The virus pandemic of which we are all now victims is having a hugely negative impact on the flow of people, goods and services internationally. But what about capital? Will capital keep flowing freely when little else is?
There is a decent case to make that we might be approaching a world in which policymakers start to restrict the movement of capital in the same way that they are restricting the movement of people and goods. Experiments with capital controls, in other words, are probably a step closer.
By some accounts, outflows from emerging markets bond and equity funds in the past three weeks have exceeded 4 per cent of net asset value. This is a much bigger withdrawal of funds than at the same stage of either of the past two big crisis episodes for capital flows to emerging economies: the May 2013 Taper Tantrum and the September 2008 collapse of Lehman Brothers.
In other words, the collapse in external financing for emerging economies now taking place may be unprecedented. In a rush for the relative safety of dollar cash or equivalent, asset prices and currencies in emerging markets might continue to look highly vulnerable.
The good news is that most large emerging economies lack big current account deficits, possess relatively plentiful stocks of foreign exchange reserves and don’t face large near-term surges in the principal repayments that their borrowers must make to foreign creditors.
So, by most measures of financial resilience, many emerging economies look relatively “safe”. One important reason for this is that the legacy of the 1980s and 1990s — two decades of intermittent financial crisis for these countries — has left them cautious when it comes to managing their net debt burdens.
In a “standard” crisis, this would be very good news, because in a standard crisis policymakers in emerging markets would make use of their two most valuable tools to absorb this kind of shock: letting the exchange rate weaken, and selling reserves.
The Financial Times is making key coronavirus coverage free to read to help everyone stay informed. Find the latest here.
And to be sure, that’s what we’re seeing this time round. But since there is nothing “standard” about this crisis, it may not be enough.
It is rational for a policymaker to sell reserves and allow the currency to lose value if the underlying cause of the capital outflow might soon disappear. If the expected value of future net capital inflows remains positive, it makes sense to keep selling dollars today.
But policymakers, like the rest of us, know nothing about when Covid-19 will end. And so their willingness to keep selling dollars to fleeing investors, both domestic and foreign, could run out.
This is particularly true because of a contradiction that is emerging between risk and risk premium, which in some ways are moving in opposite directions to each other.
On the one hand, public debt burdens in EM are under widespread pressure to rise, either because of automatic fiscal stabilisers, or because of discretionary measures to protect citizens from the economic costs of the virus. Risk, in other words, proxied by the debt/GDP ratio, is going up. It should be self-evident that emerging economies do not have the same kind of fiscal room that advanced economies like the US and UK have.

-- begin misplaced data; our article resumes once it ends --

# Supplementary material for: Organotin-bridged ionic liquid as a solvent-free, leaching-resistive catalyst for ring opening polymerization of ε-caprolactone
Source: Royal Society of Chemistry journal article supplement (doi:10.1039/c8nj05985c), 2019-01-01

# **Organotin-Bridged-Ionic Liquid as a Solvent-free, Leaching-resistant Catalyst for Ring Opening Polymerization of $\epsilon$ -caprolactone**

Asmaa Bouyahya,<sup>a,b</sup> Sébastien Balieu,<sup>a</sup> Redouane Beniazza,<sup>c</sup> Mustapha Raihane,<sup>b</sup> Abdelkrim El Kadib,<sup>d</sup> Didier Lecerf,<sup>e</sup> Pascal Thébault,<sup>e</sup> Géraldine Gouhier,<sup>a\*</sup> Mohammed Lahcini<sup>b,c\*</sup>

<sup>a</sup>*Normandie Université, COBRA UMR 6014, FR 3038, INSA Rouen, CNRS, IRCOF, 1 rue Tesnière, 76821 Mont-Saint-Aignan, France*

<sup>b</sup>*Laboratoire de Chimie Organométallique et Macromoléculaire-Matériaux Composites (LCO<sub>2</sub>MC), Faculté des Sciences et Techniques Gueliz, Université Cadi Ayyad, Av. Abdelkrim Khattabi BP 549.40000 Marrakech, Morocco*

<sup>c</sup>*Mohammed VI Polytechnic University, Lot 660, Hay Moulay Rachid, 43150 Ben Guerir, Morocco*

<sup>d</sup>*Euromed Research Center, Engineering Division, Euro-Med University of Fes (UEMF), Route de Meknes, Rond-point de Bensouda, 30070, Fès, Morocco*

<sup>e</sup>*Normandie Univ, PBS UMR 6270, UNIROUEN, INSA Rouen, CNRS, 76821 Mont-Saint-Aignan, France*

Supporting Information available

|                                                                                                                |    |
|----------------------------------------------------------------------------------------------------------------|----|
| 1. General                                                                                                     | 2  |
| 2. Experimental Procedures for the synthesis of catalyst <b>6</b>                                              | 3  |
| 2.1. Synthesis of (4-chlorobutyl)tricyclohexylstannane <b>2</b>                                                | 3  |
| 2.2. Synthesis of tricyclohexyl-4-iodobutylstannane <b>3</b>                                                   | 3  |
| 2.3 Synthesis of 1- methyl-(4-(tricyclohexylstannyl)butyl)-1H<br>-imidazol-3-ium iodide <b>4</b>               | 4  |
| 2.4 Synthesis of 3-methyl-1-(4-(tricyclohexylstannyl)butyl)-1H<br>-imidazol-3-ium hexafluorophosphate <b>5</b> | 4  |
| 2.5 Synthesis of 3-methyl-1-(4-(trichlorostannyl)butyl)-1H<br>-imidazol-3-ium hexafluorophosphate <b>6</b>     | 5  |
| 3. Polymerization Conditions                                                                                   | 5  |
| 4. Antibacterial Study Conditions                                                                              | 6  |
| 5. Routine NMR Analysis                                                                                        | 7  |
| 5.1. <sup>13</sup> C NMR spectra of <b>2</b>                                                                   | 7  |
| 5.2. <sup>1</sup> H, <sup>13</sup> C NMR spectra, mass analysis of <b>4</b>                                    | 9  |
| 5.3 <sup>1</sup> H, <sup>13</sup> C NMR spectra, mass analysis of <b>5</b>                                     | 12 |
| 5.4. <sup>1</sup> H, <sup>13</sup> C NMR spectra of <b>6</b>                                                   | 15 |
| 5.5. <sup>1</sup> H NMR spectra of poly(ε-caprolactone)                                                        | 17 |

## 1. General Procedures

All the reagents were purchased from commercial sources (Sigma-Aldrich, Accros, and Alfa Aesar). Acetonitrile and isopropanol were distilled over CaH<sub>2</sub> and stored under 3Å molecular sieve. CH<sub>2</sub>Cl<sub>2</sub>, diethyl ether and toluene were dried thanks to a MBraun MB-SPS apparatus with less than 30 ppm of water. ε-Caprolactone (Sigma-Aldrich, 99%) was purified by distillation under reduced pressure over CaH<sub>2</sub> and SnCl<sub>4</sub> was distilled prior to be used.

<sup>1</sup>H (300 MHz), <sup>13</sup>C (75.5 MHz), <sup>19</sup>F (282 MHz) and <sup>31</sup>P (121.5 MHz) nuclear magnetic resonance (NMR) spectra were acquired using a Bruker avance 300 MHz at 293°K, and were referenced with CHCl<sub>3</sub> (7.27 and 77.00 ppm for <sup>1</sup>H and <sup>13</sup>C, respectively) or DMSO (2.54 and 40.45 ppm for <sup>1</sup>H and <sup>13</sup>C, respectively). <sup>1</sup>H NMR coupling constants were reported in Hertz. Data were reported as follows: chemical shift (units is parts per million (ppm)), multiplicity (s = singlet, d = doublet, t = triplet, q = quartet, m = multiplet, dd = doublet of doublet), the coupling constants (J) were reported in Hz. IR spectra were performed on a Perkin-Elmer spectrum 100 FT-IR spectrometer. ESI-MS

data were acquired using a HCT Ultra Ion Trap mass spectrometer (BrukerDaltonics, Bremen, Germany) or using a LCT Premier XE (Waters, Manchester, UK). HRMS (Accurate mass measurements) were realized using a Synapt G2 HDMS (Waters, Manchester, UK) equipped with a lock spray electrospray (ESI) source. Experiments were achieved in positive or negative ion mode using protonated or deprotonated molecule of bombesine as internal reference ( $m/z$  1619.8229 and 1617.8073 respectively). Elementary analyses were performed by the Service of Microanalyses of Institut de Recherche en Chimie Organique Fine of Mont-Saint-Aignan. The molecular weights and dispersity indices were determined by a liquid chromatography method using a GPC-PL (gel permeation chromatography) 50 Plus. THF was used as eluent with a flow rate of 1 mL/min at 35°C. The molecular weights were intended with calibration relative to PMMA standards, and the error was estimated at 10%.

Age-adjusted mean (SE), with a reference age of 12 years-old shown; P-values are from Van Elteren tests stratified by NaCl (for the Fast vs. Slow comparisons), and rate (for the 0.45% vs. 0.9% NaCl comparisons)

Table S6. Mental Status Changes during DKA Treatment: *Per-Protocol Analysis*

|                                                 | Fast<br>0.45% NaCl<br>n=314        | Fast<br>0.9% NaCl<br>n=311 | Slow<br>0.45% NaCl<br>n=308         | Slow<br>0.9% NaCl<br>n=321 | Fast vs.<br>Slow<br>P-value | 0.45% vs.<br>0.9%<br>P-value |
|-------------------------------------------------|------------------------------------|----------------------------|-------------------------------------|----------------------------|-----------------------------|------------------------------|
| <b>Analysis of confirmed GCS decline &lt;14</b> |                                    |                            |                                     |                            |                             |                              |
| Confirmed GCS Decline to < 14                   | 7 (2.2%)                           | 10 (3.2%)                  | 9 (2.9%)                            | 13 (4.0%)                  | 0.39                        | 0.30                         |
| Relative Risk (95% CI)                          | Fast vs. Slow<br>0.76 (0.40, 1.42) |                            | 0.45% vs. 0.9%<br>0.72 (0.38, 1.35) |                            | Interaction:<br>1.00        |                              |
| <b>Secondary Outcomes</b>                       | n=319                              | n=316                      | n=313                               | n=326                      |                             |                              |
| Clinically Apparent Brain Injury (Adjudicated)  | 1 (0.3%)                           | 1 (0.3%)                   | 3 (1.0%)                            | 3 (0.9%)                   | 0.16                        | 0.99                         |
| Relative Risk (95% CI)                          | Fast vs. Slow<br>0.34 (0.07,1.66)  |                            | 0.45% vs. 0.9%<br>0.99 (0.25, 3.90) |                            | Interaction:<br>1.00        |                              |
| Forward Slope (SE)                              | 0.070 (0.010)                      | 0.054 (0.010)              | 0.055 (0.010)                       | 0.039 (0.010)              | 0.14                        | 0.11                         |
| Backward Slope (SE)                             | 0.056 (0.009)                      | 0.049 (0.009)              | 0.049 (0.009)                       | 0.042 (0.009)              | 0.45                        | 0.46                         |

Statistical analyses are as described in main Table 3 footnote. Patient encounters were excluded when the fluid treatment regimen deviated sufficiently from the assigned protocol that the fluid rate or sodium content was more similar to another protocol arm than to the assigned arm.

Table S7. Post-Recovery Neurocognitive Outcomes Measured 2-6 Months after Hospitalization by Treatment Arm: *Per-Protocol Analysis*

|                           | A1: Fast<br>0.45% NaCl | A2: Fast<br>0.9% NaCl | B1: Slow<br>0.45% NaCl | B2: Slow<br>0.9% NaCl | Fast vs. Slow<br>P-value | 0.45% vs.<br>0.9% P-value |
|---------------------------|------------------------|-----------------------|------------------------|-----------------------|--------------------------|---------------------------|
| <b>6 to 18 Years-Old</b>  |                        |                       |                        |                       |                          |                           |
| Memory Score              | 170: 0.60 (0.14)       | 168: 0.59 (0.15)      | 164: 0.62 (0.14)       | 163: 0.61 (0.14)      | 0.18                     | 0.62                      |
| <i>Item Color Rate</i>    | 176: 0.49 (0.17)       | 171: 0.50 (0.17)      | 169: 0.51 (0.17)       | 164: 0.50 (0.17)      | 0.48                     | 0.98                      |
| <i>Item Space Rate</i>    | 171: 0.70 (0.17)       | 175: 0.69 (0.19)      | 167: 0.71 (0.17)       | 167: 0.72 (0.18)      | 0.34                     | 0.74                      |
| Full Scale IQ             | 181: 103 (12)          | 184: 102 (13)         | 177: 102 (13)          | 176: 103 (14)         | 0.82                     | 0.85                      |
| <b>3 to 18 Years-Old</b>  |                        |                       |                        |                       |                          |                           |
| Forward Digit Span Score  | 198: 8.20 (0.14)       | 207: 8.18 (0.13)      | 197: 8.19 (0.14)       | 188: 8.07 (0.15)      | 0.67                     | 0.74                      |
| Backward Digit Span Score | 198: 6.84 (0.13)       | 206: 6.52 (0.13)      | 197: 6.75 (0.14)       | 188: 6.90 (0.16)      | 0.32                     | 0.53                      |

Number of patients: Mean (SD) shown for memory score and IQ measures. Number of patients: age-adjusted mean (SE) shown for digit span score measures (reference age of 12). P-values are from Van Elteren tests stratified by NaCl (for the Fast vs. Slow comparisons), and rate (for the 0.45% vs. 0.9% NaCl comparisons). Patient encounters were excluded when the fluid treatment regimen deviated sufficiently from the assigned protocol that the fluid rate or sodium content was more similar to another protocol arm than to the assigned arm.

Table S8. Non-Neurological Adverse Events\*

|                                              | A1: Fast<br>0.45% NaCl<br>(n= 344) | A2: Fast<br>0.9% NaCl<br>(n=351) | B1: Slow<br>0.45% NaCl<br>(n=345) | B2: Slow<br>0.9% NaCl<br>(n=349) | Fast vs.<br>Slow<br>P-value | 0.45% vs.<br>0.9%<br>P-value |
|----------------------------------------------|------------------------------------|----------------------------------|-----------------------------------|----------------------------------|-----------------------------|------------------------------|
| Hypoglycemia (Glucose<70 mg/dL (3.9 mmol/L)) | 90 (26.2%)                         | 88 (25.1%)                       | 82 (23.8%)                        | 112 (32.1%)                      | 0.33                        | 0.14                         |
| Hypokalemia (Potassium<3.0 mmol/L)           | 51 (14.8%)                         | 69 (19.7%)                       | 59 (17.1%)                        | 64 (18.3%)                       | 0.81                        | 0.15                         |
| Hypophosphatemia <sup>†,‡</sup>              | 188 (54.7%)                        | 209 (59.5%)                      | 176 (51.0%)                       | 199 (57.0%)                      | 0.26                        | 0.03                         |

But on the other hand, some measures of the risk premium — embedded, for example, in a country’s policy rate — are declining as central banks ease monetary policy to protect the balance sheets of domestic firms and households.
This might be a problem. Protecting the domestic economy might require lower rates, but protecting the capital account — in other words, preventing large capital outflows — might require higher rates, especially if debt burdens are rising.
The only way to resolve this contradiction, in principle, is to close the capital account.
Coronavirus business update
How is coronavirus taking its toll on markets, business, and our everyday lives and workplaces? Stay briefed with our coronavirus newsletter.
Defaulting on debt is one way of doing this, and to be sure there will be defaults. But there are other options, including restrictions on domestic banks’ ability to sell dollars to their clients — through taxes, differential exchange rates, or outright bans.
That didn’t really happen after the Lehman collapse. But aside from the uniquely horrible features of the current crisis compared with the past, there are two additional differences between then and now.
The first is that we no longer live in a world where “capital account fundamentalism” — the principle that countries should strive at all costs to keep capital markets open and free — holds as much sway as it used to.
The IMF’s tune has changed about restricting capital movements, and its new Integrated Policy Framework — the Fund’s attempt to inject some flexibility into the advice it gives to member countries — is moving towards greater tolerance of ad hoc restrictions on capital movements.
The second big difference is the Trump administration’s ‘America First’ foreign policy framework. The US government seems unlikely to support the most obvious way of boosting international liquidity, namely to allow the IMF to credit hundreds of billions of new Special Drawing Rights to the accounts of IMF member countries.
Things might change in the coming weeks. But as things stand, the longer the virus stays with us, the more capital mobility across EM might be threatened.
David Lubin is head of emerging markets economics at Citi.
beyondbrics is a forum on emerging markets for contributors from the worlds of business, finance, politics, academia and the third sector. All views expressed are those of the author(s) and should not be taken as reflecting the views of the Financial Times.